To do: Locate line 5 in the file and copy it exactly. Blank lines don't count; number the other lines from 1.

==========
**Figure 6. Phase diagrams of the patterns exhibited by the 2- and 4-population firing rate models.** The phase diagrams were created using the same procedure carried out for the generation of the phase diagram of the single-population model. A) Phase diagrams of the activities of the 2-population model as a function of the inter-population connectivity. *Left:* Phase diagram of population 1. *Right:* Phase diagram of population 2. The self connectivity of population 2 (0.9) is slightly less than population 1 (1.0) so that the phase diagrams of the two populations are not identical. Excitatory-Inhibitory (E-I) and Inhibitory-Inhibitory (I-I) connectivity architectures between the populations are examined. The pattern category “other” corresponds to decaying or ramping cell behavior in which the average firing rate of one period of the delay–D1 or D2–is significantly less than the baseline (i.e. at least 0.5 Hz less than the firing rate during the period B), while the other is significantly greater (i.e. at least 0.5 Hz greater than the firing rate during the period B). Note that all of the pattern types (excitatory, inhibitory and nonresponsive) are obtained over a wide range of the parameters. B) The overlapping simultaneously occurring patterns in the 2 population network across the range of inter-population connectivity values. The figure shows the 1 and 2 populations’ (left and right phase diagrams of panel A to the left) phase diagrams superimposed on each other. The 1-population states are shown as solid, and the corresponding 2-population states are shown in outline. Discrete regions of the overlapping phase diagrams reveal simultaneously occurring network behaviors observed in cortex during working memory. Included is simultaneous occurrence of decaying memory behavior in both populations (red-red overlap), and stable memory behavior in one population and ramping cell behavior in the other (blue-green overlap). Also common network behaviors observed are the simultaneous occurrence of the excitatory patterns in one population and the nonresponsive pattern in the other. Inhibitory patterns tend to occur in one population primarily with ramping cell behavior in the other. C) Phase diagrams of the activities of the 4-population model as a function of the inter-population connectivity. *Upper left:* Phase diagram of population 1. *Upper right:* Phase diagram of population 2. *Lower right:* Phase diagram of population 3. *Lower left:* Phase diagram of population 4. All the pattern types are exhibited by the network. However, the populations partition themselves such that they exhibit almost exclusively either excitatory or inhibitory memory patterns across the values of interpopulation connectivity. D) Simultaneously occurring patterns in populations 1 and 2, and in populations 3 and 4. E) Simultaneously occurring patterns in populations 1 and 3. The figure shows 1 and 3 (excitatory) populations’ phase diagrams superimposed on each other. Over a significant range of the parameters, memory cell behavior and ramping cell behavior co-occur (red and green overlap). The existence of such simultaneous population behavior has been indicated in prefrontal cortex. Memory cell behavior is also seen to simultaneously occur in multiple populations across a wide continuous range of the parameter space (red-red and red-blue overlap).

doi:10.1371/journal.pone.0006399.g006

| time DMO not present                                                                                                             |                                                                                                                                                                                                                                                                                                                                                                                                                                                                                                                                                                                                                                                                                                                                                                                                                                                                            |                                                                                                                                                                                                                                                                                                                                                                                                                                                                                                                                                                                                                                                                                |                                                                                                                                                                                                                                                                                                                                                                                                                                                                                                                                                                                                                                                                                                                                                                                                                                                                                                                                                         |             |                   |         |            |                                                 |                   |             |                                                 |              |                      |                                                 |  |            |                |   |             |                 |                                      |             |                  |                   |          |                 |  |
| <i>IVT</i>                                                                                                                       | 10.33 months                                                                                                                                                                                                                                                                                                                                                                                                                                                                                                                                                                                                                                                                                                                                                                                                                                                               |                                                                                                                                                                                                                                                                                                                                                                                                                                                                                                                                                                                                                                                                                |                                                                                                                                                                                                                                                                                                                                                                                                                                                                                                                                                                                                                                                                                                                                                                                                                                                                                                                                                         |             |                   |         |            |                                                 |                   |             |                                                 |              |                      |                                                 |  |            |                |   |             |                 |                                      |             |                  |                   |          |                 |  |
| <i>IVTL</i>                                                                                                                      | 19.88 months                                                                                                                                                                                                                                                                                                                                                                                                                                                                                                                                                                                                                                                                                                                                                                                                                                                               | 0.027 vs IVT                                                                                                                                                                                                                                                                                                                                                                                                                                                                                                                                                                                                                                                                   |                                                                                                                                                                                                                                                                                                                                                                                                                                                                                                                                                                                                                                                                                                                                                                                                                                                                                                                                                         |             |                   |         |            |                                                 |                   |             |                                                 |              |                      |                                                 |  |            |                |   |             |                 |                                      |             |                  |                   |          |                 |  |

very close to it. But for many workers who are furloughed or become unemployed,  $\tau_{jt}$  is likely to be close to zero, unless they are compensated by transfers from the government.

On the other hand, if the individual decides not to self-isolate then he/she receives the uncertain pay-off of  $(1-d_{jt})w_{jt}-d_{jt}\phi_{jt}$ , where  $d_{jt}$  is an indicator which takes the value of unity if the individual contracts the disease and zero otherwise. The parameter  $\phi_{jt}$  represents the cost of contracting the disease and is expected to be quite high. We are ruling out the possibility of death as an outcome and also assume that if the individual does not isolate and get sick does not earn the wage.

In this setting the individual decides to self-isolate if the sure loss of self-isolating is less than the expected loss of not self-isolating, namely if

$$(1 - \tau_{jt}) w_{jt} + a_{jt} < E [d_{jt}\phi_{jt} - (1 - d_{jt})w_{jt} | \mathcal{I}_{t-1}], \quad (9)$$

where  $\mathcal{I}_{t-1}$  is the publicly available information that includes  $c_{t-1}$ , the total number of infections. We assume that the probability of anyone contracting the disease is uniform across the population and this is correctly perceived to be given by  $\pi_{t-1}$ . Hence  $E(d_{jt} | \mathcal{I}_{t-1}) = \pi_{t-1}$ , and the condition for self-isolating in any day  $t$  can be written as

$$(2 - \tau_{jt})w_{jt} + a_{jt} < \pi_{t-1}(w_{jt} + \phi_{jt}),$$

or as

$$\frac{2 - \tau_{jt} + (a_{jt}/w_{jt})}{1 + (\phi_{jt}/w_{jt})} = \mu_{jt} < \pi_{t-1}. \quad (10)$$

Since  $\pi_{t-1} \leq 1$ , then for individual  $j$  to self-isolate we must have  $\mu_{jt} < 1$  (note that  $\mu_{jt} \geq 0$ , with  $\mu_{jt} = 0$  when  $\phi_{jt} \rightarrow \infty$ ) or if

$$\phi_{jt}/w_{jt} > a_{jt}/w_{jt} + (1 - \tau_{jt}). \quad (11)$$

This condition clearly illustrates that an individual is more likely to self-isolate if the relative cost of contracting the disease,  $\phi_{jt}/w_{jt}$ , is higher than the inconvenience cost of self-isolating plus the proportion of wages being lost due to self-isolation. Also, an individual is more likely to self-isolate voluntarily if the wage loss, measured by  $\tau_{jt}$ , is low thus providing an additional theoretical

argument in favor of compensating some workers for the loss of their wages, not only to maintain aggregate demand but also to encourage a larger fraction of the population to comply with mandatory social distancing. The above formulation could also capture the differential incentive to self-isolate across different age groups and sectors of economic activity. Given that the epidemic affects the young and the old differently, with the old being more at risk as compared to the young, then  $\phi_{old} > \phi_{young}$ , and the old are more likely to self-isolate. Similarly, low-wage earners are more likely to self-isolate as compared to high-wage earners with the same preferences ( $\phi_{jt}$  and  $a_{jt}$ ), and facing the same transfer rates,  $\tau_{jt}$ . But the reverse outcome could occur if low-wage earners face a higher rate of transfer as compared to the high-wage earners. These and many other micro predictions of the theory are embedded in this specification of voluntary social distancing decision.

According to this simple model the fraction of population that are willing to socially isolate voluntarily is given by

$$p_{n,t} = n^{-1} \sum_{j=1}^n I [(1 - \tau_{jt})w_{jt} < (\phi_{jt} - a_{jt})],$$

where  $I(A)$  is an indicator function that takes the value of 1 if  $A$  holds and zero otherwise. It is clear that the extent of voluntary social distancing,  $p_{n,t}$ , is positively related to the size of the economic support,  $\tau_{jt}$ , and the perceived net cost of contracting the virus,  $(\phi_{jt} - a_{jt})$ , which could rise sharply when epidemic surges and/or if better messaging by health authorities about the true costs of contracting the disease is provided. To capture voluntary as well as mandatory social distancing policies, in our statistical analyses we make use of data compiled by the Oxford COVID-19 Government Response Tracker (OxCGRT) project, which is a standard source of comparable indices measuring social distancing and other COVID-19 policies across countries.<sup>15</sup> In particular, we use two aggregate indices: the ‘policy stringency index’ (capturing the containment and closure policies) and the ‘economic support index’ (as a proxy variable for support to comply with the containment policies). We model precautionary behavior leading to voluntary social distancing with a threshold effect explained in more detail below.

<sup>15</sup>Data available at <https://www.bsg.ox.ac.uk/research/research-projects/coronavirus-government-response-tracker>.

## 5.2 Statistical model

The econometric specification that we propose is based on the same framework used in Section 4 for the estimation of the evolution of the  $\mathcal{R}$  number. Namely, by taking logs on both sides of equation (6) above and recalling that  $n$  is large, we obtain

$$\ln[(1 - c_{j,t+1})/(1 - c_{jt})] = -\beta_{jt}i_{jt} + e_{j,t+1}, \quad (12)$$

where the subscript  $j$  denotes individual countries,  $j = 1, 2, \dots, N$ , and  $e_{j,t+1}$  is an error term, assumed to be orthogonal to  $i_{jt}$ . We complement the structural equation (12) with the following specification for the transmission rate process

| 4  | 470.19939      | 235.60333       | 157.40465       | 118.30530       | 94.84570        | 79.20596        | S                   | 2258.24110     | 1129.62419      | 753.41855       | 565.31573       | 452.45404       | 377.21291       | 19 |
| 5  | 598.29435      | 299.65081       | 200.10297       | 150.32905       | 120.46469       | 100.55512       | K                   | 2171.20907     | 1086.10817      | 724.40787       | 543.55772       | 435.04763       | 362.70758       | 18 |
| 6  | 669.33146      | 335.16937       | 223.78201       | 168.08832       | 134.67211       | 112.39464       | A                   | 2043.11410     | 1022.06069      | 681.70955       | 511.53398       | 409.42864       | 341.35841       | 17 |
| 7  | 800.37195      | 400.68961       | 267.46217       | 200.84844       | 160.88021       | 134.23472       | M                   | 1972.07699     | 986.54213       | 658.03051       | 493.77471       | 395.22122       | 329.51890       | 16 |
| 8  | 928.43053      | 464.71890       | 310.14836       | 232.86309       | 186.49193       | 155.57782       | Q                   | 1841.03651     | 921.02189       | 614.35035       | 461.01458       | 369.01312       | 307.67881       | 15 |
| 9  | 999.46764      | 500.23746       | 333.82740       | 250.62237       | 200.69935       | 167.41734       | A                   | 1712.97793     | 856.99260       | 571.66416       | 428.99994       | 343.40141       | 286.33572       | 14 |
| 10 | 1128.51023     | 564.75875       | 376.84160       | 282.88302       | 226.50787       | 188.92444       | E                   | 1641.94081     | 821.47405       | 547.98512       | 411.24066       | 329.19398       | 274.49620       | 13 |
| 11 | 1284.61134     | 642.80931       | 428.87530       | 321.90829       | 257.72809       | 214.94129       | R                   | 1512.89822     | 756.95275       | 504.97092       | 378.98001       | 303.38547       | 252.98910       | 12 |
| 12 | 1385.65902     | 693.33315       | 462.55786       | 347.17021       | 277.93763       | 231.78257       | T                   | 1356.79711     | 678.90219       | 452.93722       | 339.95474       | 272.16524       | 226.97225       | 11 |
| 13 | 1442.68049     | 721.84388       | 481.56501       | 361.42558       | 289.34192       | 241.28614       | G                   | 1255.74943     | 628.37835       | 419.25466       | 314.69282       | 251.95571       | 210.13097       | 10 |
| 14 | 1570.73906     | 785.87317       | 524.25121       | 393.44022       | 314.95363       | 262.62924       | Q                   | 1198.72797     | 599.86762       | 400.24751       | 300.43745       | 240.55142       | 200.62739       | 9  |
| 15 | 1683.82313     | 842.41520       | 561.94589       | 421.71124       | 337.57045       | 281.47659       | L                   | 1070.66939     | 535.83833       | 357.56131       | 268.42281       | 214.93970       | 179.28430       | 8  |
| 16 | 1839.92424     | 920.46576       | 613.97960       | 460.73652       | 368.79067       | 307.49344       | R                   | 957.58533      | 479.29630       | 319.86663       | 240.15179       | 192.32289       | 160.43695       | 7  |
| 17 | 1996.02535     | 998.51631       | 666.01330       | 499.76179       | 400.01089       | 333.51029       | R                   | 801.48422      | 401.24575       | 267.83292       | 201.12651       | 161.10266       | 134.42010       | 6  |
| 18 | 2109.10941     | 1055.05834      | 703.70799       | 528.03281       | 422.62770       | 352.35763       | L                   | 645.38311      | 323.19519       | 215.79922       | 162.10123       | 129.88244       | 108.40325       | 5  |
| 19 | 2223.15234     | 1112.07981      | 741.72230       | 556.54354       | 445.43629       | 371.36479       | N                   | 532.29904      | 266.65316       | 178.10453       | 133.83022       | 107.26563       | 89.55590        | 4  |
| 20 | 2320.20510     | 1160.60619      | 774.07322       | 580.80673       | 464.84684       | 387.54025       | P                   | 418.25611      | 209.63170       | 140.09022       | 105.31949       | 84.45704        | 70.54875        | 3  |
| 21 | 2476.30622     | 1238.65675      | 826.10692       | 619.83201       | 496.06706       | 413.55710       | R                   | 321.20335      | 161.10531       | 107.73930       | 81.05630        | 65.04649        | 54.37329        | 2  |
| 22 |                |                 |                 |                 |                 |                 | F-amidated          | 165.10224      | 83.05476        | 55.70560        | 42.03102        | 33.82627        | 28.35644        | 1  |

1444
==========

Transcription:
| <i>IVTL</i>                                                                                                                      | 19.88 months                                                                                                                                                                                                                                                                                                                                                                                                                                                                                                                                                                                                                                                                                                                                                                                                                                                               | 0.027 vs IVT                                                                                                                                                                                                                                                                                                                                                                                                                                                                                                                                                                                                                                                                   |                                                                                                                                                                                                                                                                                                                                                                                                                                                                                                                                                                                                                                                                                                                                                                                                                                                                                                                                                         |             |                   |         |            |                                                 |                   |             |                                                 |              |                      |                                                 |  |            |                |   |             |                 |                                      |             |                  |                   |          |                 |  |